• offing •
aw-fing • Hear it!
Part of Speech: Noun
Meaning: 1.That area of the sea away from the shore but still visible, originally, just beyond anchorage. 2. The immediate future; used almost exclusively in the phrase, in the offing "occurring soon, imminent, at hand".
Notes: The crystallized phrase "in the offing" has virtually erased from our collective memory the original sense of this very Good Word, one of the most beautiful in the language. It is even more beautiful for being purely English: neither borrowed nor deftly lifted from a neighboring patois as English is wont to do. It is an orphan without links to other words except the adverb-preposition, off, that you see lurking there in its root.
In Play: The beauty of today's word lies in its sound and the sea air that inhabits it. It is the perfect playmate for another Good Word, lagoon: "Beryl and Wellington lounged casually by the sleepy lagoon, their eyes lazily following a trim old schooner slipping past in the offing." Would such a respite be in the offing for me!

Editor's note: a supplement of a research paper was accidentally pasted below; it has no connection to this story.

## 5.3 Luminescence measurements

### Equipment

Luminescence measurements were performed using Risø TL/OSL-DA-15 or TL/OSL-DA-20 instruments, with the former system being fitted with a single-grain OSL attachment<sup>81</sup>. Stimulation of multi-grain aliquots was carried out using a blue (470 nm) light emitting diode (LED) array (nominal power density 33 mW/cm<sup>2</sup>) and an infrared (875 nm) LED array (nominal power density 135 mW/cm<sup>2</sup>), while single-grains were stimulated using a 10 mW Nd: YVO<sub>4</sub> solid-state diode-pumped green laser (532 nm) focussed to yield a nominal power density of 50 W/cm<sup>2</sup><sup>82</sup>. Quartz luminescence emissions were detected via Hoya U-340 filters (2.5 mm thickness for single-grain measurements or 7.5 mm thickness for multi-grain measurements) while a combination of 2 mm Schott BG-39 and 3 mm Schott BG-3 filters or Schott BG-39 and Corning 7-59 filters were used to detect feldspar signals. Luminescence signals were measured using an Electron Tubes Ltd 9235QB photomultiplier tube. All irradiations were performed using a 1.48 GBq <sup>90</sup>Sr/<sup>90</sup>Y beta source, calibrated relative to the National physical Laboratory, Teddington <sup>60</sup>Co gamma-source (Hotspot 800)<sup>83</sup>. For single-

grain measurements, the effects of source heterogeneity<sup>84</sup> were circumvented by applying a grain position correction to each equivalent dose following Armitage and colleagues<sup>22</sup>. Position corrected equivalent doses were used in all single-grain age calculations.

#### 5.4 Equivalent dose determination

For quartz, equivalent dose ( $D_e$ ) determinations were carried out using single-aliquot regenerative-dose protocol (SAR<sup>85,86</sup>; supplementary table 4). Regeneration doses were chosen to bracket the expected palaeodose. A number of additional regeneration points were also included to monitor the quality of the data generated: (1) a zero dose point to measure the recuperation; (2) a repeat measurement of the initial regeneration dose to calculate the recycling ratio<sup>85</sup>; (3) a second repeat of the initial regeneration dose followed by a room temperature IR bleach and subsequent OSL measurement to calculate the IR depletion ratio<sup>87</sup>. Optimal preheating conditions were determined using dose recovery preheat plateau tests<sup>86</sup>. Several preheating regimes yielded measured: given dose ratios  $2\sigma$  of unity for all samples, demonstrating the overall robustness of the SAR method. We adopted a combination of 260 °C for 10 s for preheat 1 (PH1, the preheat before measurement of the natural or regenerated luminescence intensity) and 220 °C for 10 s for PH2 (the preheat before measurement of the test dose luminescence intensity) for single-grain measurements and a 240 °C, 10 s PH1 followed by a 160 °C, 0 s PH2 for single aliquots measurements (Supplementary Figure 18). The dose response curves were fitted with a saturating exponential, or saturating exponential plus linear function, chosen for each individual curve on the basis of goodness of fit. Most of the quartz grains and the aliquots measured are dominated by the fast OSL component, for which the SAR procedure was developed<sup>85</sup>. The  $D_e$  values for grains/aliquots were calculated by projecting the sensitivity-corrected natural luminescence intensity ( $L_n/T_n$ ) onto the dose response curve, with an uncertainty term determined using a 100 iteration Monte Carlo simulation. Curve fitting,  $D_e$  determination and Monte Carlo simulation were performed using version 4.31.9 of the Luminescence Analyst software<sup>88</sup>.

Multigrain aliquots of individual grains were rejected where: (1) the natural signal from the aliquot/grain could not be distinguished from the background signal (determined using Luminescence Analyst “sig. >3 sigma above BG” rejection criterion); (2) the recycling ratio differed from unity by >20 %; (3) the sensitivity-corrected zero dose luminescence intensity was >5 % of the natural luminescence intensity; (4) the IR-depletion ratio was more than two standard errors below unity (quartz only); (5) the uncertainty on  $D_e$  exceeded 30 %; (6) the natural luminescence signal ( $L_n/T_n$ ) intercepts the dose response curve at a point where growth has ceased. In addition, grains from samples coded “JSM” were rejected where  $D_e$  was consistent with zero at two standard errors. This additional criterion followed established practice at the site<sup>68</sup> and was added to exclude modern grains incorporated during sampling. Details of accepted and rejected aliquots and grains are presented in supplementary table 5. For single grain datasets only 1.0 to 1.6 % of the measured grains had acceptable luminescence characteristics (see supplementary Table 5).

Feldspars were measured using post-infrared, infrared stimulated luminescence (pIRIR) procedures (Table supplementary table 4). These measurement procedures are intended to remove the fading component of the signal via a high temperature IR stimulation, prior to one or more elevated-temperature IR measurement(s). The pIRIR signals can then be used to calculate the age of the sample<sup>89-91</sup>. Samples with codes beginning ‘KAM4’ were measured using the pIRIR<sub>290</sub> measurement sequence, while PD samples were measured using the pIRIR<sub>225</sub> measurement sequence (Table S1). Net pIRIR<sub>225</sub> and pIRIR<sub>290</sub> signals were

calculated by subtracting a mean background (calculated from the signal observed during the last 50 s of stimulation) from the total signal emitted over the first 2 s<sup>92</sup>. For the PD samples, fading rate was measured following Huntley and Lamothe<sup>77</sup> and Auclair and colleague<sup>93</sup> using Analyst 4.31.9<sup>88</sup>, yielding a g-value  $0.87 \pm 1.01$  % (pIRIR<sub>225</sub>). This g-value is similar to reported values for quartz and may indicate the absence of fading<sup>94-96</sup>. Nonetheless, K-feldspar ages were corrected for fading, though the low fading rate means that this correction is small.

Word History: It is rare to find nouns derived from adverbs or prepositions, but today's Good Word is exceptional in this respect, too. Off started out as a variant of of just as that word became a preposition. Off remained an adverb for centuries, and only recently became a preposition itself, e.g. "Dad just fell off the porch, mom" (not "off of", as when it was an adverb). Of and off come from an interesting family, the black sheep of which was another previous Good Word, offal. Most peculiarly, however, the word puny, is a distant relation. This word is a corruption of French puisne from puis "then, later" + ne "born", plus the assumption that children born later are weaker. Now, French puis is the great-grandchild of Latin post "after, later" which comes from the same PIE root (*apo), as off.